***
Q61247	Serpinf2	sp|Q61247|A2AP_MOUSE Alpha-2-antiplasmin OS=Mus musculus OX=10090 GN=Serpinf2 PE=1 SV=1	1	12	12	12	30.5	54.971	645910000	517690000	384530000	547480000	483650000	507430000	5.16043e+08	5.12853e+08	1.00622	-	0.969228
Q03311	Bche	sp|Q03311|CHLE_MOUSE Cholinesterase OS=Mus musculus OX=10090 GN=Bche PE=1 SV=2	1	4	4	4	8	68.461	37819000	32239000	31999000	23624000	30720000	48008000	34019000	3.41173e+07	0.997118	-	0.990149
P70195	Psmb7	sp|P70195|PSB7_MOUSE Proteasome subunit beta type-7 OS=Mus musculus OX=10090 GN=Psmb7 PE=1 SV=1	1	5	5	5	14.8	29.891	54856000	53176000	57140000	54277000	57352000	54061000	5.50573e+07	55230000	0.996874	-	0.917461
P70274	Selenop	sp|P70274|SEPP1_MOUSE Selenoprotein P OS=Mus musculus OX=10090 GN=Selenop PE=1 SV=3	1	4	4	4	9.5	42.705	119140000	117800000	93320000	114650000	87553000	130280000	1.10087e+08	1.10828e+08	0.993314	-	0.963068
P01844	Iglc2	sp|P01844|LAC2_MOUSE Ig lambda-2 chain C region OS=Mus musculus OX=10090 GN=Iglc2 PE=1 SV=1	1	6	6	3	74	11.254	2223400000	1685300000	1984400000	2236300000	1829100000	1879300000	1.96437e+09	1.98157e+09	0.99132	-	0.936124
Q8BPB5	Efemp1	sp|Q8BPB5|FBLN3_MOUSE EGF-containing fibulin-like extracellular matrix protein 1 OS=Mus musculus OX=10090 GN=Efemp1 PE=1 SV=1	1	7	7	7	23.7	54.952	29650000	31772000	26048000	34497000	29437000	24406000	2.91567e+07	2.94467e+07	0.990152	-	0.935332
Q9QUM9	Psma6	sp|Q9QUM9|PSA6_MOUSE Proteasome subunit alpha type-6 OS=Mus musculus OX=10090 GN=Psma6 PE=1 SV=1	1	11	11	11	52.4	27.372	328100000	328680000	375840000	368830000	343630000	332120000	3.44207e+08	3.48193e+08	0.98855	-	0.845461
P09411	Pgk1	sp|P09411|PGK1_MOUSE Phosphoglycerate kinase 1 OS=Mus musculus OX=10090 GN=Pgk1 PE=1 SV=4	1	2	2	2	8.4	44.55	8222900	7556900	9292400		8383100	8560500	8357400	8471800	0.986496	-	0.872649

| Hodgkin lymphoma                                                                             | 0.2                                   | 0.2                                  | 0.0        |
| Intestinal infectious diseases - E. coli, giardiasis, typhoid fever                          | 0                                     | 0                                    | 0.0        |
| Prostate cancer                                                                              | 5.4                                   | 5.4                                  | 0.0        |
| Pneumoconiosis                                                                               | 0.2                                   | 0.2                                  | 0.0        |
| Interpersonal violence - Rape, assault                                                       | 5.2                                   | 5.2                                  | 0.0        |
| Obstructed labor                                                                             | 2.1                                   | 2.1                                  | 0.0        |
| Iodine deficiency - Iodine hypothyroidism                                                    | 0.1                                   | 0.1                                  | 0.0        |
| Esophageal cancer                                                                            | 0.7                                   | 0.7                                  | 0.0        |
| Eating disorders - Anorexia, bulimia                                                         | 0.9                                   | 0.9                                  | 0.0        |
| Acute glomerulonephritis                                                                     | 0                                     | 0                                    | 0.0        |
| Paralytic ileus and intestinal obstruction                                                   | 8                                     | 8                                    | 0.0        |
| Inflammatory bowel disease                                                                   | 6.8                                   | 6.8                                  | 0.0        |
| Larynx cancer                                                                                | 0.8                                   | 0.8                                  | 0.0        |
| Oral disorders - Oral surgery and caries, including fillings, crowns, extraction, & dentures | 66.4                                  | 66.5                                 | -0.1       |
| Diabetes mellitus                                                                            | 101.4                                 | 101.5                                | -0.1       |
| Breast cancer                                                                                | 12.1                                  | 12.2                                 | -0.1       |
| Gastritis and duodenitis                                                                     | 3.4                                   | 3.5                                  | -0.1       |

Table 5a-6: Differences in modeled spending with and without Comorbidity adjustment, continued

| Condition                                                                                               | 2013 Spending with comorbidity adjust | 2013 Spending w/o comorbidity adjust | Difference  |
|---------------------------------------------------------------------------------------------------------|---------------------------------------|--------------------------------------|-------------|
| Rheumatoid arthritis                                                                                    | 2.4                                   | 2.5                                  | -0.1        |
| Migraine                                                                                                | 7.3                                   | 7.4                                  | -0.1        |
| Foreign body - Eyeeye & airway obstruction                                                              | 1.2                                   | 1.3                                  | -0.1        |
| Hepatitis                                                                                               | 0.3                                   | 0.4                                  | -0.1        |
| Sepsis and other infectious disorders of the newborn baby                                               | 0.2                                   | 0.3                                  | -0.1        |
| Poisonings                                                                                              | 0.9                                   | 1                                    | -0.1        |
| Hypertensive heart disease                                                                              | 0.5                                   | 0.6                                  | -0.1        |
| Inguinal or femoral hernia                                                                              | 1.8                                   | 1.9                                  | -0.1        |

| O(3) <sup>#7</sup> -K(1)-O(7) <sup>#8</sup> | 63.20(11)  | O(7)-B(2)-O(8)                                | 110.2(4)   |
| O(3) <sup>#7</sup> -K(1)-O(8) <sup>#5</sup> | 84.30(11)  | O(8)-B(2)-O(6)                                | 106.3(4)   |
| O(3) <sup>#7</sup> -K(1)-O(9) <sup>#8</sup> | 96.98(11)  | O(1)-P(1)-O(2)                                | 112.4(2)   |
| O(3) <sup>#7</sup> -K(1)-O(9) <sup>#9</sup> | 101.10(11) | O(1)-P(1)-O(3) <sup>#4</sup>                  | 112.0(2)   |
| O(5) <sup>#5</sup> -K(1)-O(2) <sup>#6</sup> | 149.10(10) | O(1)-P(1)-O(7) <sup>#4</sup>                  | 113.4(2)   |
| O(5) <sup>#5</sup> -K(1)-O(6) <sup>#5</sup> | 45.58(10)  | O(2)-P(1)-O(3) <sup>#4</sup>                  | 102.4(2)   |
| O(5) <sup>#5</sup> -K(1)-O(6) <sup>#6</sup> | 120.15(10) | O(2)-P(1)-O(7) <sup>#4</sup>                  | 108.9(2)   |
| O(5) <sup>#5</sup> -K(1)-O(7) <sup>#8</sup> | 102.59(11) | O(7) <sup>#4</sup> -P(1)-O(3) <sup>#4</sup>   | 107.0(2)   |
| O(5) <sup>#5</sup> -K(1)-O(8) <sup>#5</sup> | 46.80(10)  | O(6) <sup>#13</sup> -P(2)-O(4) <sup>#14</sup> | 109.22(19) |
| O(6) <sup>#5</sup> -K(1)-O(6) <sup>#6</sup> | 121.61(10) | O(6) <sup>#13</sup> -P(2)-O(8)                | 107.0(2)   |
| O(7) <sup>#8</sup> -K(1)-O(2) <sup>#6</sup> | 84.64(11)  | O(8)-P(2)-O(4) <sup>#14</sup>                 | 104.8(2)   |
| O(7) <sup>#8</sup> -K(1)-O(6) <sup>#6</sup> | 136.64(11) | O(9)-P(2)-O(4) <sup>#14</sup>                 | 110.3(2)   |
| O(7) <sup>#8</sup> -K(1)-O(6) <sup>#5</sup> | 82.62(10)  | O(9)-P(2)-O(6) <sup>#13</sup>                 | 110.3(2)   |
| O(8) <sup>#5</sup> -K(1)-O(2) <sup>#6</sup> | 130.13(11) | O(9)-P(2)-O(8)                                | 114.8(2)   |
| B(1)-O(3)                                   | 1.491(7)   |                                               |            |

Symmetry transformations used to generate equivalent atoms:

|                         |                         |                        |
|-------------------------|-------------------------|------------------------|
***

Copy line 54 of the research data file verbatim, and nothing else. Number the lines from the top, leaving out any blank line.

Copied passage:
|-------------------------|-------------------------|------------------------|